|Year : 2018 | Volume
| Issue : 4 | Page : 247-249
Spontaneous colonic rupture related to the segmental absence of muscularis propria in an adult
Chih-En Tseng1, Shih-Pin Lin2, Hou-Chi Huang3, Mei-Chung Chin4
1 Department of Anatomic Pathology, Dalin Tzu Chi Hospital, Buddhist Tzu Chi Medical Foundation, Chiayi; School of Medicine, Tzu Chi University, Hualien, Taiwan
2 Department of General Surgery, Dalin Tzu Chi Hospital, Buddhist Tzu Chi Medical Foundation, Chiayi, Taiwan
3 Department of Radiology, Dalin Tzu Chi Hospital, Buddhist Tzu Chi Medical Foundation, Chiayi, Taiwan
4 Department of Anatomic Pathology, Dalin Tzu Chi Hospital, Buddhist Tzu Chi Medical Foundation, Chiayi, Taiwan
|Date of Submission||26-Sep-2017|
|Date of Decision||22-Nov-2017|
|Date of Acceptance||21-Mar-2018|
|Date of Web Publication||15-May-2018|
Dr. Mei-Chung Chin
Department of Anatomic Pathology, Dalin Tzu Chi Hospital, Buddhist Tzu Chi Medical Foundation, 2, Min-Sheng Road, Dalin, Chiayi
Source of Support: None, Conflict of Interest: None
Colonic perforation is a medical emergency that may be fatal if surgery cannot be performed in a timely manner. Colonic rupture in adults is caused by primary (idiopathic) and secondary factors. Although the segmental absence of muscularis propria (SAMP) is a recognized cause of secondary colonic rupture in neonates and infants, few cases have been reported in adults. Here, we present the case of a large colonic rupture caused by SAMP in a 60-year-old woman and a review of the literature. We suggest that SAMP should be included in the differential diagnosis of large perforation and/or periperforation membranous thinning of the colonic wall in adults.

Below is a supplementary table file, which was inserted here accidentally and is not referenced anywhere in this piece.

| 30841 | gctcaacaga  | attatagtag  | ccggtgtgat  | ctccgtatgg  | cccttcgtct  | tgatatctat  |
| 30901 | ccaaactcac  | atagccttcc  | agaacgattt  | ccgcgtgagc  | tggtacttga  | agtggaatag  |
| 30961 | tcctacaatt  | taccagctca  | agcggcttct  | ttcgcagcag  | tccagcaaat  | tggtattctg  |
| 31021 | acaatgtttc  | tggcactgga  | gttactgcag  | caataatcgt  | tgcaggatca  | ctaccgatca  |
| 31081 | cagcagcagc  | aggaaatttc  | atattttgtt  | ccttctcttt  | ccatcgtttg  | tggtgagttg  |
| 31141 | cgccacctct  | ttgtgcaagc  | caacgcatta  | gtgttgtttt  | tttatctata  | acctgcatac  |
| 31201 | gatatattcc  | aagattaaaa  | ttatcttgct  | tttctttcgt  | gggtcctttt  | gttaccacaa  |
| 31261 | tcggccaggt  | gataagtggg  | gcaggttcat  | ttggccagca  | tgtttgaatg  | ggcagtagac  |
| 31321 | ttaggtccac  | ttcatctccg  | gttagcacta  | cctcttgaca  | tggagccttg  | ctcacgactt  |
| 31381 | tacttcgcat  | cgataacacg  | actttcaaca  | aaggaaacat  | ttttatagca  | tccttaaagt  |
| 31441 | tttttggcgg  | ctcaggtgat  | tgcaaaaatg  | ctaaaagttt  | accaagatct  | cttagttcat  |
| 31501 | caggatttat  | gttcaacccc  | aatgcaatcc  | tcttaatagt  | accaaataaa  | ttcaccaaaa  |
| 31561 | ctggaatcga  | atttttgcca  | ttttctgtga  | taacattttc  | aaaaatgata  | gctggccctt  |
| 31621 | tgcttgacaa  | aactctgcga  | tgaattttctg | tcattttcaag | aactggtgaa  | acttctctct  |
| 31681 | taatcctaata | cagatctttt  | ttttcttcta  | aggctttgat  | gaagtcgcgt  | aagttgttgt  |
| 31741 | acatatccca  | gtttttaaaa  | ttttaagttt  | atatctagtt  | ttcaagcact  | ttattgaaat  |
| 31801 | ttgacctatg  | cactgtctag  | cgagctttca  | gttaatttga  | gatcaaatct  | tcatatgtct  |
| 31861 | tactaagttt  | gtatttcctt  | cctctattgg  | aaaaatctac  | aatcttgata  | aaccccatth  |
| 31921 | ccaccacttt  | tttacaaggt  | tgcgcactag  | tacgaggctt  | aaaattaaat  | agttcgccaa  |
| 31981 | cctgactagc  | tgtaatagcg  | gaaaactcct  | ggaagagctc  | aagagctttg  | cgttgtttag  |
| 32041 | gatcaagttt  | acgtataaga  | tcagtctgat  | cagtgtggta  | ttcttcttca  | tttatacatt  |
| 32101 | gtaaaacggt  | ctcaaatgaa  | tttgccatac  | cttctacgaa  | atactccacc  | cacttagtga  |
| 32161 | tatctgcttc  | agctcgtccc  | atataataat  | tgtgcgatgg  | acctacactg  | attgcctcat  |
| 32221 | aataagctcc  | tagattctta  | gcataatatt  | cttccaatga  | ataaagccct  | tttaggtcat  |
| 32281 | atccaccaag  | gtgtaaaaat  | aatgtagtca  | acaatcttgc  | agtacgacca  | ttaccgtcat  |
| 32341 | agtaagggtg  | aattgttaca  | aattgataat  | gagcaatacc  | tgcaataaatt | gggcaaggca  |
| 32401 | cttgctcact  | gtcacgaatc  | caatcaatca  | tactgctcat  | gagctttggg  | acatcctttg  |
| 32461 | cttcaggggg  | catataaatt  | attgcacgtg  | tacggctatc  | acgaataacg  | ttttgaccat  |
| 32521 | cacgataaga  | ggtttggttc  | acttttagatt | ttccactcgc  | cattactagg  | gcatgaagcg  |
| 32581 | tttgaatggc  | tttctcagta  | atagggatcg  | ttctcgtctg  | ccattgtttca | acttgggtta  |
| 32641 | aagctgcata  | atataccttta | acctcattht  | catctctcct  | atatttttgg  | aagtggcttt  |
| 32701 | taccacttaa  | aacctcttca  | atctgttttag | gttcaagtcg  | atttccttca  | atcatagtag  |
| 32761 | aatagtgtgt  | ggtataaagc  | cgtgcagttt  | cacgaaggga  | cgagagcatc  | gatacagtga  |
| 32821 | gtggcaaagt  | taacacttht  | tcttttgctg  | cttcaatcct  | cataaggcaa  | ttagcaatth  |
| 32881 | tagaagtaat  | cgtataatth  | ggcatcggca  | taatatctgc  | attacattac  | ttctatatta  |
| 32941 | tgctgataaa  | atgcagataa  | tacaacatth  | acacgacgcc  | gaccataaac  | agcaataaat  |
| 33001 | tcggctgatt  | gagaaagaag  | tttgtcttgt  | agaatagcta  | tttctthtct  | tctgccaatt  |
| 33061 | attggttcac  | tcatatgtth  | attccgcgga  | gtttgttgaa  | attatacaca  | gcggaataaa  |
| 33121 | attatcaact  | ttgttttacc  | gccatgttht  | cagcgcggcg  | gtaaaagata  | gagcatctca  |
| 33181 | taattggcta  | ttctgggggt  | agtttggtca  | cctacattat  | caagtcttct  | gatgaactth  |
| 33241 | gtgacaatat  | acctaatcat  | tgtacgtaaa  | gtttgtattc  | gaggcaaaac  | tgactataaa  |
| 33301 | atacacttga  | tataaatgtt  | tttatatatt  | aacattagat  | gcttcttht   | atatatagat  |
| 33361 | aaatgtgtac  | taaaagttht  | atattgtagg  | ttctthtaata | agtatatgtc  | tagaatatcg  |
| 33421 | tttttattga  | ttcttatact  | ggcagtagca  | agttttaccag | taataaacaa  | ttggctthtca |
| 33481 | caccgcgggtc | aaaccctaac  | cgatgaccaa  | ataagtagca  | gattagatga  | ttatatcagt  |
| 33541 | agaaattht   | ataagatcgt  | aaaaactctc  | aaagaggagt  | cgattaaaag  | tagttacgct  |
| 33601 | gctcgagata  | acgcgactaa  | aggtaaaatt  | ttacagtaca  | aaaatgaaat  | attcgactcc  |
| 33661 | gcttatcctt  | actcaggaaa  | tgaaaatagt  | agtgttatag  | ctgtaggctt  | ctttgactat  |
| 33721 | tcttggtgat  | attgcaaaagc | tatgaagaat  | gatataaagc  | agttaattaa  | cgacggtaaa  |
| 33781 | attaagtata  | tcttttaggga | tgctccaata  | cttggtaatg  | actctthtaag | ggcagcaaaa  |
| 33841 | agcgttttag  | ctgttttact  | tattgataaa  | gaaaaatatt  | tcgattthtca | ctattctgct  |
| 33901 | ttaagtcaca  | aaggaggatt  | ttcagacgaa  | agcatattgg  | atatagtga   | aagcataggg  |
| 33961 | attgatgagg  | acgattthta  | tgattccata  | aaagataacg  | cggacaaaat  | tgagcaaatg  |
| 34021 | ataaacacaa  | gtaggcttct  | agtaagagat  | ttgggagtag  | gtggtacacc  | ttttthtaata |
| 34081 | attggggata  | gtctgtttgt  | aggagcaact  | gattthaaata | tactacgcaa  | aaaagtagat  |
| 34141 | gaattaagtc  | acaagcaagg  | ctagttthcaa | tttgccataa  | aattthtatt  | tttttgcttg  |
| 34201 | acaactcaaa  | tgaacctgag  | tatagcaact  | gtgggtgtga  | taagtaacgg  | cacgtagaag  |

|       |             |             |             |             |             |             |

Keywords: Colonic perforation, Colonic rupture, Perforation of small intestine, Segmental absence of muscularis propria, Segmental muscular defect of intestine
|How to cite this article:|
Tseng CE, Lin SP, Huang HC, Chin MC. Spontaneous colonic rupture related to the segmental absence of muscularis propria in an adult. Tzu Chi Med J 2018;30:247-9
|How to cite this URL:|
Tseng CE, Lin SP, Huang HC, Chin MC. Spontaneous colonic rupture related to the segmental absence of muscularis propria in an adult. Tzu Chi Med J [serial online] 2018 [cited 2018 Dec 9];30:247-9. Available from: http://www.tcmjmed.com/text.asp?2018/30/4/247/232449
| Introduction|| |
The segmental absence of muscularis propria (SAMP) is a rare entity that was first described in 1967 in neonates who presented with intestinal obstruction . Since then, several reports about infants and neonates with various clinical manifestations such as intestinal obstruction, volvulus, intussusception, and perforation have been published worldwide . The first adult case of SAMP manifesting as colonic perforation was published in 1997  and several have been reported since then ,,,,,,.